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Subject: [P] The War On Thanksgiving rss

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http://www.thetranscript.com/ci_22038740

"The day after Thanksgiving has suffered a relentless assault from the forces of Christmas, and we memorialize this suffering with a day called "Black Friday," where we mourn that the idea of giving thanks for what we have was roundly defeated by the idea of being so eager to buy Christmas presents that people are literally trampled to death in stores attempting to buy things on sale. This actually happens every year."



More of an actual problem than the War on Christmas?
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When I 1st read the heading for this post I thought it would be about Metacomet (later called King Philip) & King Philip's war.

From what I read in Jil Lepore's book "The Name of War" Massasoit (Metacomet's father) was thought to be instrumental in the survival of the Plymouth Colony yet after the King Philip's war his son Metacomet's head would be present on a post at each Thanksgiving celebration for about 20 years.

In response to what this turned out to be about, yes folks need to stop trampling others just to save a few bucks on a plastic whatever at Target.
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Osirus wrote:
http://www.thetranscript.com/ci_22038740

"The day after Thanksgiving has suffered a relentless assault from the forces of Christmas, and we memorialize this suffering with a day called "Black Friday," where we mourn that the idea of giving thanks for what we have was roundly defeated by the idea of being so eager to buy Christmas presents that people are literally trampled to death in stores attempting to buy things on sale. This actually happens every year."



More of an actual problem than the War on Christmas?



Actually I think they go hand in hand. The more Christmas becomes about stuff and less about people and love the more "Black Friday" becomes the predictable kick-off.

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Just do what we do, have the one (Christmas).
 
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Santa: 17
Turkey: 6

One quarter to go.
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A great example of how allowing the amoral nature of corporations the unfettered ability to manipulate and encourage human nature eventually dissolves non-consumer elements of culture. Of course corporations are going to take advantage of people to make a profit, it is their job. It destroys Christmas, Thanksgiving and even Halloween.

We can hem and haw about people not controlling themselves and placing their values above their need for a bigger TV, but when it comes down to it, companies know the human instinct to consume is easily rationalized into transcendency, especially in the U.S. where consumerism is a nationalistic religion on to it's won.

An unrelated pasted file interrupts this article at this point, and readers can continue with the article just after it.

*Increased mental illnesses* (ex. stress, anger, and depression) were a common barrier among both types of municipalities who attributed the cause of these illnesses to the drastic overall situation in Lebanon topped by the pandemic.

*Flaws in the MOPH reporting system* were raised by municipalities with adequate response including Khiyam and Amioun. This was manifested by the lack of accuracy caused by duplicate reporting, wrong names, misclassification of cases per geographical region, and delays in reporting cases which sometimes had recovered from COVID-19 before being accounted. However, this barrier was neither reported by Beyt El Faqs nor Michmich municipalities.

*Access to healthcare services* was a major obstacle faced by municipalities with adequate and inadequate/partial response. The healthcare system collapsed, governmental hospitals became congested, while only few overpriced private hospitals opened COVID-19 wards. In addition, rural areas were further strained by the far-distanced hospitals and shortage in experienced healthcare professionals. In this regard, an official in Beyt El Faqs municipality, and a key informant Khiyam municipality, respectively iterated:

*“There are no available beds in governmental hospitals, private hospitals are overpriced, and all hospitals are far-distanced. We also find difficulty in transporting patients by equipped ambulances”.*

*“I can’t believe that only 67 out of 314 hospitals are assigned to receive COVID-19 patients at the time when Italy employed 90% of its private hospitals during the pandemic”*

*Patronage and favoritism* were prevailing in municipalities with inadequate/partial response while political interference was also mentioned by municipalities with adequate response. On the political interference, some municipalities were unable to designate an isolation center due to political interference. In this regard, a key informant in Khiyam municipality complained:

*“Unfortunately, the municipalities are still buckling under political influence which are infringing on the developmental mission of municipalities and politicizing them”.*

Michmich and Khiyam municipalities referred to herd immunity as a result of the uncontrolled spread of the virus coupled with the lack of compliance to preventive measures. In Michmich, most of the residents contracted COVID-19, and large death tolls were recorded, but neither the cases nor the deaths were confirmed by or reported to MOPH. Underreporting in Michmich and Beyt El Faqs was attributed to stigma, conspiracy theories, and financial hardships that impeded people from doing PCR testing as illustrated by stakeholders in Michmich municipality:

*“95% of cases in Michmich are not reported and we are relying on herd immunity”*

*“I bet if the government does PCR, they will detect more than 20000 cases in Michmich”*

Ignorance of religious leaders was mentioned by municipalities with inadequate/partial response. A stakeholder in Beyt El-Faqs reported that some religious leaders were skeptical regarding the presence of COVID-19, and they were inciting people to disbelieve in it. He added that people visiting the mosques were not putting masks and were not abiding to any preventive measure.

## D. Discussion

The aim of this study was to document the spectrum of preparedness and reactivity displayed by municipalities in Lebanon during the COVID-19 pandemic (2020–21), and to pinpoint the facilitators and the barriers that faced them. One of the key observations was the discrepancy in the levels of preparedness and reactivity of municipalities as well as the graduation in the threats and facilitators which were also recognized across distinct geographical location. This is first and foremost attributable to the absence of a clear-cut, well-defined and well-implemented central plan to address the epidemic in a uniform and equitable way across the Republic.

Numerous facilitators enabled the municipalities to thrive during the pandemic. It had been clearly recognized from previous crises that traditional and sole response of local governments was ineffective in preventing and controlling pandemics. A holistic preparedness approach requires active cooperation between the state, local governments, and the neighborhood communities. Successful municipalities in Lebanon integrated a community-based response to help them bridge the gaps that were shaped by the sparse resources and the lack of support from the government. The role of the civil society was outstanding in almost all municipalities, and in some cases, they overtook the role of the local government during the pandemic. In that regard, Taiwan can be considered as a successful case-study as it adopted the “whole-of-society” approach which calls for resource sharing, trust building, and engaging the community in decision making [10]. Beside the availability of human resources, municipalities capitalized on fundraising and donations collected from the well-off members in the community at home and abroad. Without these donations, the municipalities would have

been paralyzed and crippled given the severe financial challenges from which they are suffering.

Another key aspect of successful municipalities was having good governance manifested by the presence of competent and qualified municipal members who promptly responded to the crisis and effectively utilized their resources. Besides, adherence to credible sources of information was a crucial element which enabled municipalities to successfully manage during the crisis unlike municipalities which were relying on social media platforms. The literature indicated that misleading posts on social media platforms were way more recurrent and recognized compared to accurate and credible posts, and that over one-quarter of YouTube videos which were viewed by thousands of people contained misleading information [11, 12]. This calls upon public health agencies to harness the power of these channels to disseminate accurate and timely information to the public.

What we have to do is ask ourselves if there is value in protecting these cultural traditions by restricting (regulation wise) when and how businesses can take advantage of the consumer instinct. Should we collectively protect our lack of self-control by preventing others from abusing it? Does culture have enough value to allow us to use the government to override our lack of personal responsibility by restricting the dealers?

If we have a hard time systematically and uniformly restricting business from destroying the environment and making safe products in general, this is a tough row to hoe when it's just about whether you feel good about esoteric concepts a couple times a year. The machine wants it's money, is your love of Thanksgiving and Christmas strong enough to keep the machine from it's prey?
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TheChin! wrote:
A great example of how allowing the amoral nature of corporations the unfettered ability to manipulate and encourage human nature eventually dissolves non-consumer elements of culture. Of course corporations are going to take advantage of people to make a profit, it is their job. It destroys Christmas, Thanksgiving and even Halloween.

We can hem and haw about people not controlling themselves and placing their values above their need for a bigger TV, but when it comes down to it, companies know the human instinct to consume is easily rationalized into transcendency, especially in the U.S. where consumerism is a nationalistic religion on to it's won.

What we have to do is ask ourselves if there is value in protecting these cultural traditions by restricting (regulation wise) when and how businesses can take advantage of the consumer instinct. Should we collectively protect our lack of self-control by preventing others from abusing it? Does culture have enough value to allow us to use the government to override our lack of personal responsibility by restricting the dealers?

If we have a hard time systematically and uniformly restricting business from destroying the environment and making safe products in general, this is a tough row to hoe when it's just about whether you feel good about esoteric concepts a couple times a year. The machine wants it's money, is your love of Thanksgiving and Christmas strong enough to keep the machine from it's prey?


Uh, okay. Interesting.

The "consumers" demand this. The retailers meet the demand. The politicians would be pilloried if they attempted to bar the door between what the consumers demand and what the retailers supply.

Mostly it seems that anyone writing about this commercialization attempts to write from an altitude they pretend to inhabit, well above the crass and low-bred people they are looking down upon - those trashy consumers and their evil enablers, the corporations. The dirty little secret though is that most people who write disdainfully about the trashy people and the enablers are themselves quick to buy the latest gadgets, the coolest cars, the edgiest cell phones, the newest look in clothes, geek gear or whatever their personal "ilk" agrees is top notch. Maybe not you specifically, but truly, most.